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WCO Advisory Could Have Significant Impact on Dutiability of Licensed Imports

Friday, August 23, 2013
Sandler, Travis & Rosenberg Trade Report

A new advisory opinion from the World Customs Organization could add to the financial burdens of importers of licensed products. Advisory Opinion 4.15, the product of eight years of work by the WCO’s Technical Committee on Customs Valuation, holds that a license fee is dutiable even when a sales contract between the producer and the importer contains no language obligating the payment of that fee. This holding seems to be at odds with the manner in which U.S. Customs and Border Protection and other countries’ customs authorities have traditionally viewed the dutiability of certain royalties.

The WCO Valuation Agreement and U.S. customs valuation law provide that royalties paid by the importer of goods to a party other than the seller of the goods must be added to the price actually paid or payable for the goods (which is the value upon which duty is based) if the royalty (a) must be paid as a condition of the sale to the importer and (b) is related to the imported product.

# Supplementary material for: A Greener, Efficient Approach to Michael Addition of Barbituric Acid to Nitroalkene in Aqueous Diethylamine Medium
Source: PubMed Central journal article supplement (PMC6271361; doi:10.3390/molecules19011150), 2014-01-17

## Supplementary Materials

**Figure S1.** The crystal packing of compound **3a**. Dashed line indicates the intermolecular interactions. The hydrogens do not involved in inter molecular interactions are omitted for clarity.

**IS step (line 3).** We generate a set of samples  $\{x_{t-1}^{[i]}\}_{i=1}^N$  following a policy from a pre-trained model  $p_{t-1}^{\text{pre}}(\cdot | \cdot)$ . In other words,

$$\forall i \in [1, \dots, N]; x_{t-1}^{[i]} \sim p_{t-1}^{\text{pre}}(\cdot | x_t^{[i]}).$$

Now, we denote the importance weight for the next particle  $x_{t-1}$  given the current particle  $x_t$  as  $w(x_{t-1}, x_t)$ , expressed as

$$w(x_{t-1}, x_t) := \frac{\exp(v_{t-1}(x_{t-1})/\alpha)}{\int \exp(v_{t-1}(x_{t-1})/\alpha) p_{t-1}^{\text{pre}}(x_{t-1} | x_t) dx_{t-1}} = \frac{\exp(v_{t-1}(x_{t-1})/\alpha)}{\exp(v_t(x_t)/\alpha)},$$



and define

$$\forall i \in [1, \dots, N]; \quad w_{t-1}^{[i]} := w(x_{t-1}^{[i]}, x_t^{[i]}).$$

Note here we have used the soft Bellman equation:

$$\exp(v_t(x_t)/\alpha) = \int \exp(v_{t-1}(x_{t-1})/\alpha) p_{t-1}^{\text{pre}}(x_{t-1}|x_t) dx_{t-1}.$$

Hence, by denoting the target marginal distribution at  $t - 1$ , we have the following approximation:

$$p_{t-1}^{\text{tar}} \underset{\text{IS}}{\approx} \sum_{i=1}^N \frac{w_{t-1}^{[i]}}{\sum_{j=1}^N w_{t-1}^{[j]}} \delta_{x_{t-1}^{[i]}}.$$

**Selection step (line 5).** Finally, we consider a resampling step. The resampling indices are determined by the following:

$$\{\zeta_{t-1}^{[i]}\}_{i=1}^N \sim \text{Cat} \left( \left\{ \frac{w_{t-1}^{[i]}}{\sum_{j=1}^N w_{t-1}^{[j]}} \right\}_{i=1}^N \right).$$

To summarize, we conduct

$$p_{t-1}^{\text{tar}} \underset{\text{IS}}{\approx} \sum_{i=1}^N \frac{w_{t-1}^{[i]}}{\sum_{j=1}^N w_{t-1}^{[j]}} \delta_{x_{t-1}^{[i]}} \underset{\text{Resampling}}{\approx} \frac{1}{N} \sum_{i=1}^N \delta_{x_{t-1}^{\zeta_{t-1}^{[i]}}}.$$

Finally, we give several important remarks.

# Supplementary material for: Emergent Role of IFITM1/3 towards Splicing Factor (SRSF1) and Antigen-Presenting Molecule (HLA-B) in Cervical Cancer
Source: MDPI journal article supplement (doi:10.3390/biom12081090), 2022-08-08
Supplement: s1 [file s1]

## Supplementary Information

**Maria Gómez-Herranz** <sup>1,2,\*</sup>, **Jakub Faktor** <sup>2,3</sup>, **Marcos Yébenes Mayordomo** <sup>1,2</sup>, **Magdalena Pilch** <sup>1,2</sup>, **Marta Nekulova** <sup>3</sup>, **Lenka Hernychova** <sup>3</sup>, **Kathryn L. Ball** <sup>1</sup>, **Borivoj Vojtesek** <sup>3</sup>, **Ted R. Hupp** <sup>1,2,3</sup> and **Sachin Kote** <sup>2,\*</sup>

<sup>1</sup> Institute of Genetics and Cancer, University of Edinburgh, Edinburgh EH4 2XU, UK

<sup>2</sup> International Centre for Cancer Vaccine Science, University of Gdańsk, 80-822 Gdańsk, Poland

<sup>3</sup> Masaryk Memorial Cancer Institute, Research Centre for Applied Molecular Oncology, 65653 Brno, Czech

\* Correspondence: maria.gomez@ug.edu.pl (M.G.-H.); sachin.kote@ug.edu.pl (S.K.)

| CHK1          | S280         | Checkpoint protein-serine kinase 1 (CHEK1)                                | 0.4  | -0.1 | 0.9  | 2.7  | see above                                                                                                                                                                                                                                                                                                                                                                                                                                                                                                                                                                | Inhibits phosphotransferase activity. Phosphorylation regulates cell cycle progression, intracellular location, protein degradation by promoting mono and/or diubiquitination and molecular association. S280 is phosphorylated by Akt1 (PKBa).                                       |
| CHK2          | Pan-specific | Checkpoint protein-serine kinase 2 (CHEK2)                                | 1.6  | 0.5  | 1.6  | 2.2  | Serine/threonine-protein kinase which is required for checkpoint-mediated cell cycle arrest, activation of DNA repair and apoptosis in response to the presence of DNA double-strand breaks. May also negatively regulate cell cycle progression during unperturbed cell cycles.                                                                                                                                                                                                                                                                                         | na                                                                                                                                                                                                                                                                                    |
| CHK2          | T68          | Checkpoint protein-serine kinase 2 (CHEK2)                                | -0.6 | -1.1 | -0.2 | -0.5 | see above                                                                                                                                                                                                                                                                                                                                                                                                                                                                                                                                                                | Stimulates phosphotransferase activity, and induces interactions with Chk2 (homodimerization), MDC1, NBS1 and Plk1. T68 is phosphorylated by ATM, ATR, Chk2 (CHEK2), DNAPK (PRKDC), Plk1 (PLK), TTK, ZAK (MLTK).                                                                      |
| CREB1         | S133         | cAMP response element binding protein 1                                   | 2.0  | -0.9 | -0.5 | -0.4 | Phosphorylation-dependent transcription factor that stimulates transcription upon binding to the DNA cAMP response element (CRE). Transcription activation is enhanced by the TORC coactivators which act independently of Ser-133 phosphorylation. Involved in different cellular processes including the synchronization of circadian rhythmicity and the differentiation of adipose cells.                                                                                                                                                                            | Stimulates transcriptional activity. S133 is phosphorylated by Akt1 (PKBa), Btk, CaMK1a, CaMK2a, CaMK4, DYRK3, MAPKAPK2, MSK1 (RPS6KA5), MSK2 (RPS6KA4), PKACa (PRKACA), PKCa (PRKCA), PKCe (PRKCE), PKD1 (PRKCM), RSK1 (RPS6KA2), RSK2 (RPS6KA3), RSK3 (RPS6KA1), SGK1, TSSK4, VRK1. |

In the scenario at issue in the WCO opinion, the trademark license agreement between the licensor and the importer, which were related parties, required the importer to pay a license fee to the licensor based on a fixed percentage of the net income generated from the importer’s resale of the goods in the country of importation. The licensor had a separate supply agreement with an unrelated third-party producer permitting it to manufacture the trademarked products, subject to design and quality requirements, but limiting the producer to selling those goods only to companies specified by the licensor.

The WCO opinion found that, in accordance with the supply agreement, the licensor controls the production of the goods bearing its trademark by authorizing the production of the licensed product, determining which companies the manufacturer may sell to and directly providing the designs and technology for the manufacturer. Since the licensor authorizes the importer to use the trademark in connection with the manufacture and importation of the goods pursuant to the license agreement, the licensor further influences and controls the transaction between the manufacturer and the importer by selecting which party may use that trademark and purchase the goods.

In light of this opinion, says Sandler, Travis & Rosenberg member Chuck Crowley, “it would not be surprising to see more scrutiny and eventually customs rulings and possibly case law that reference the concept of ‘control’ with respect to importations involving a related licensor. This could be a significant consideration when companies are evaluating royalty/trademark agreements.”

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